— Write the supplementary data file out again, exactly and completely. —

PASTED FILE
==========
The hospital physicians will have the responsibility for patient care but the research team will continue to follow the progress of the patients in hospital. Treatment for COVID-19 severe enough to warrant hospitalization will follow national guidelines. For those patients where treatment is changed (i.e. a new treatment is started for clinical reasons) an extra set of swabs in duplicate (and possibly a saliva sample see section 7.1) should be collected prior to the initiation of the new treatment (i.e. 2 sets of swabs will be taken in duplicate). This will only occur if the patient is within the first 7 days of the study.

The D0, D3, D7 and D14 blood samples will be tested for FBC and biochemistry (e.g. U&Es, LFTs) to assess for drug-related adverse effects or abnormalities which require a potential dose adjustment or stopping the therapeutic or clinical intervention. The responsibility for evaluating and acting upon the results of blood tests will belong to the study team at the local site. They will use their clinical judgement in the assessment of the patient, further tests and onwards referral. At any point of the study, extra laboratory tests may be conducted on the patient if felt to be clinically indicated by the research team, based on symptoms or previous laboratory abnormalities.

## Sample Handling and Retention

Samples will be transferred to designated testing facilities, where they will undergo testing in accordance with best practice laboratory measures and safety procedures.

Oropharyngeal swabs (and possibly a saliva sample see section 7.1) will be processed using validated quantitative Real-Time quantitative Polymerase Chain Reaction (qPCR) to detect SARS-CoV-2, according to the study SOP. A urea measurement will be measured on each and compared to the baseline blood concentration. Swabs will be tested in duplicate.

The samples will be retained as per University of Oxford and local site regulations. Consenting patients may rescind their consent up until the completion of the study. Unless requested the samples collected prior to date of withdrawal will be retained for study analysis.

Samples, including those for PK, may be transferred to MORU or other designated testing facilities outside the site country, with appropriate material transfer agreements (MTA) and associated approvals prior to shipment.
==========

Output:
The hospital physicians will have the responsibility for patient care but the research team will continue to follow the progress of the patients in hospital. Treatment for COVID-19 severe enough to warrant hospitalization will follow national guidelines. For those patients where treatment is changed (i.e. a new treatment is started for clinical reasons) an extra set of swabs in duplicate (and possibly a saliva sample see section 7.1) should be collected prior to the initiation of the new treatment (i.e. 2 sets of swabs will be taken in duplicate). This will only occur if the patient is within the first 7 days of the study.

The D0, D3, D7 and D14 blood samples will be tested for FBC and biochemistry (e.g. U&Es, LFTs) to assess for drug-related adverse effects or abnormalities which require a potential dose adjustment or stopping the therapeutic or clinical intervention. The responsibility for evaluating and acting upon the results of blood tests will belong to the study team at the local site. They will use their clinical judgement in the assessment of the patient, further tests and onwards referral. At any point of the study, extra laboratory tests may be conducted on the patient if felt to be clinically indicated by the research team, based on symptoms or previous laboratory abnormalities.

## Sample Handling and Retention

Samples will be transferred to designated testing facilities, where they will undergo testing in accordance with best practice laboratory measures and safety procedures.

Oropharyngeal swabs (and possibly a saliva sample see section 7.1) will be processed using validated quantitative Real-Time quantitative Polymerase Chain Reaction (qPCR) to detect SARS-CoV-2, according to the study SOP. A urea measurement will be measured on each and compared to the baseline blood concentration. Swabs will be tested in duplicate.

The samples will be retained as per University of Oxford and local site regulations. Consenting patients may rescind their consent up until the completion of the study. Unless requested the samples collected prior to date of withdrawal will be retained for study analysis.

Samples, including those for PK, may be transferred to MORU or other designated testing facilities outside the site country, with appropriate material transfer agreements (MTA) and associated approvals prior to shipment.